I wonder if you will still be able to see Downtown Seattle from the new Jefferson Park…

    These are just a few things that I would not like to lose. Please add more…

  3. Pardon the double reply, but other thoughts besides the changing view keep weighing on my mind…65 foot buildings of new development have me concerned for the current businesses in those locations…how do current local businesses fit in with this plan? where do the current restaurants, dentist office, hair salons, accountants, alterations shop, bakery, music lessons and many more co-exist? i love the current feel of this neighborhood and my heart breaks with the possible sterility and displacement of new development. on the positive side, the open plaza and affordable housing are wonderful additions to this community šŸ™‚

    one final thought/question…are these plans accessible in the many other languages that are spoken in this community?

  4. I respectfully disagree, Jennie. I think our business district is abysmal – too many ground floor professional offices, gas stations, and hair salons.

    I would hate to see Red Apple go away, however. I know surface lots aren’t stylish with the designanistas, but it really is a convenience to be able to buzz in and out of it, plus I love the size of it.

  5. I hope new businesses and development would put pressure on some of the unkempt business & spaces: either clean up or ship out. I don’t feel much sympathy for business owners who tolerate broken windows, broken signs, vagrants, dirty sidewalks etc. If they can make a living this way, that’s their prerogative. If new competition pushes them out, that’s OK too…I don’t think we should go out of our way to help them just because they’ve been around a while.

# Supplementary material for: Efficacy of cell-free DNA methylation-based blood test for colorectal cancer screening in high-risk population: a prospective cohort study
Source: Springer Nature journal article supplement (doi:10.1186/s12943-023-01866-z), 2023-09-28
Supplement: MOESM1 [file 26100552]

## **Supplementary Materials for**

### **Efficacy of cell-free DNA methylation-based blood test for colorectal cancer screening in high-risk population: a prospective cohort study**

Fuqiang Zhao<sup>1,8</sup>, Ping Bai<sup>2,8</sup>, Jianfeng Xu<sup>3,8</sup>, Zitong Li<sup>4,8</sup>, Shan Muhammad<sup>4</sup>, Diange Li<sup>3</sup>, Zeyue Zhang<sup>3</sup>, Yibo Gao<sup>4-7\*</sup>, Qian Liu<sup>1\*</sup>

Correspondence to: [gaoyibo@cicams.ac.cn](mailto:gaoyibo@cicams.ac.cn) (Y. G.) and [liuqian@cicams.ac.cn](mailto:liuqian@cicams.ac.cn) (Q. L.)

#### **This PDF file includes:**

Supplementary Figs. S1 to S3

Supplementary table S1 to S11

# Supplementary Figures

6. I too would like to see some more retail businesses/restaurants in the Beacon Hill business strip. I’d give my right leg to have a bagel shop in the neighborhood. I have no problem if some of the existing tenants need to relocate to make this happen. I think there are too many doctor/tax accountant/hair salon-type establishments taking up the limited retail space right now. I really want to keep a neighborhood grocery. The Red Apple is awesome to have so conveniently located. I’m totally fine though if it is a different brand market and if it moves a block or two and if it has apartments above it and parking below.

  7. “there are too many doctor/tax accountant/hair salon-type establishments taking up the limited retail space right now.”

    In theory a lot of those kinds of establishments can be on the second floor, instead of being right on the sidewalk where retail/food spaces could go. That is pretty common in neighborhoods that have taller buildings. They don’t all have to be “first-floor retail, second -floor-and-up condos,” they can be “first-floor retail, second -floor businesses, third-floor-and-up condos or apartments or whatever.” Still local and walkable but leaving space for interesting businesses on the sidewalk.

  8. Agreed on enough beauty salons and accounting/banking/insurance places on the sidewalk. It seems like they take up the majority of our prime retail spots, and, really, how many times a month do you need to get a manicure and talk to your tax preparer in person? I’d love to see more businesses that someone might want to walk to on a regular (as in weekly or more often) basis.